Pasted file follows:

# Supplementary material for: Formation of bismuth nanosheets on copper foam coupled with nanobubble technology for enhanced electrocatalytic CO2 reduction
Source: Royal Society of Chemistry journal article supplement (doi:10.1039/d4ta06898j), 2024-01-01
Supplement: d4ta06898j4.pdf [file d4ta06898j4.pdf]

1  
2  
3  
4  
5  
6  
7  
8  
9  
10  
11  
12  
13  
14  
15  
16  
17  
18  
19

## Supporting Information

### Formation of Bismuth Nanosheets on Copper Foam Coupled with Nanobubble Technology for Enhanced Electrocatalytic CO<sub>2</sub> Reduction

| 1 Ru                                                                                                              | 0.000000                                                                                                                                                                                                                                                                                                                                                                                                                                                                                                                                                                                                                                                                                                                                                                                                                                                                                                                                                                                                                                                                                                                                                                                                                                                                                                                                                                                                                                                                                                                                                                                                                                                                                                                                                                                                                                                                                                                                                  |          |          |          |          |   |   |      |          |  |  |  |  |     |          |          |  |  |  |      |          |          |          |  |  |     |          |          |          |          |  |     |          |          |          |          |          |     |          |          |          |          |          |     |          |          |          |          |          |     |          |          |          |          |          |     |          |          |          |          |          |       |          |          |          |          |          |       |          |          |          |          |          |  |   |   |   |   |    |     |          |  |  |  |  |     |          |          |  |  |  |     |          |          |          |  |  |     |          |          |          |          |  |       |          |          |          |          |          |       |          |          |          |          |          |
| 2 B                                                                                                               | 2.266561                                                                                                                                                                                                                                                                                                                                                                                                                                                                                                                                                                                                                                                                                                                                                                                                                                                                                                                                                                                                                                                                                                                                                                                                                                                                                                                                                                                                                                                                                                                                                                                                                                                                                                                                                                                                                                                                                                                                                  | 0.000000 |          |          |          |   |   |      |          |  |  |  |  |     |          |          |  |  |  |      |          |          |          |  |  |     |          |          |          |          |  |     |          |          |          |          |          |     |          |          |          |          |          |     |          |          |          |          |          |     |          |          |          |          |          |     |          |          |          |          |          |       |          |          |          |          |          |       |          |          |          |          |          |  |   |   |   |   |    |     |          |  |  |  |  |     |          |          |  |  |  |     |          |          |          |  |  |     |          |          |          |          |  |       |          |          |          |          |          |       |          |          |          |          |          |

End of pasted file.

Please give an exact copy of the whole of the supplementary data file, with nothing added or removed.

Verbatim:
# Supplementary material for: Formation of bismuth nanosheets on copper foam coupled with nanobubble technology for enhanced electrocatalytic CO2 reduction
Source: Royal Society of Chemistry journal article supplement (doi:10.1039/d4ta06898j), 2024-01-01
Supplement: d4ta06898j4.pdf [file d4ta06898j4.pdf]

1  
2  
3  
4  
5  
6  
7  
8  
9  
10  
11  
12  
13  
14  
15  
16  
17  
18  
19

## Supporting Information

### Formation of Bismuth Nanosheets on Copper Foam Coupled with Nanobubble Technology for Enhanced Electrocatalytic CO<sub>2</sub> Reduction

| 1 Ru                                                                                                              | 0.000000                                                                                                                                                                                                                                                                                                                                                                                                                                                                                                                                                                                                                                                                                                                                                                                                                                                                                                                                                                                                                                                                                                                                                                                                                                                                                                                                                                                                                                                                                                                                                                                                                                                                                                                                                                                                                                                                                                                                                  |          |          |          |          |   |   |      |          |  |  |  |  |     |          |          |  |  |  |      |          |          |          |  |  |     |          |          |          |          |  |     |          |          |          |          |          |     |          |          |          |          |          |     |          |          |          |          |          |     |          |          |          |          |          |     |          |          |          |          |          |       |          |          |          |          |          |       |          |          |          |          |          |  |   |   |   |   |    |     |          |  |  |  |  |     |          |          |  |  |  |     |          |          |          |  |  |     |          |          |          |          |  |       |          |          |          |          |          |       |          |          |          |          |          |
| 2 B                                                                                                               | 2.266561                                                                                                                                                                                                                                                                                                                                                                                                                                                                                                                                                                                                                                                                                                                                                                                                                                                                                                                                                                                                                                                                                                                                                                                                                                                                                                                                                                                                                                                                                                                                                                                                                                                                                                                                                                                                                                                                                                                                                  | 0.000000 |          |          |          |   |   |      |          |  |  |  |  |     |          |          |  |  |  |      |          |          |          |  |  |     |          |          |          |          |  |     |          |          |          |          |          |     |          |          |          |          |          |     |          |          |          |          |          |     |          |          |          |          |          |     |          |          |          |          |          |       |          |          |          |          |          |       |          |          |          |          |          |  |   |   |   |   |    |     |          |  |  |  |  |     |          |          |  |  |  |     |          |          |          |  |  |     |          |          |          |          |  |       |          |          |          |          |          |       |          |          |          |          |          |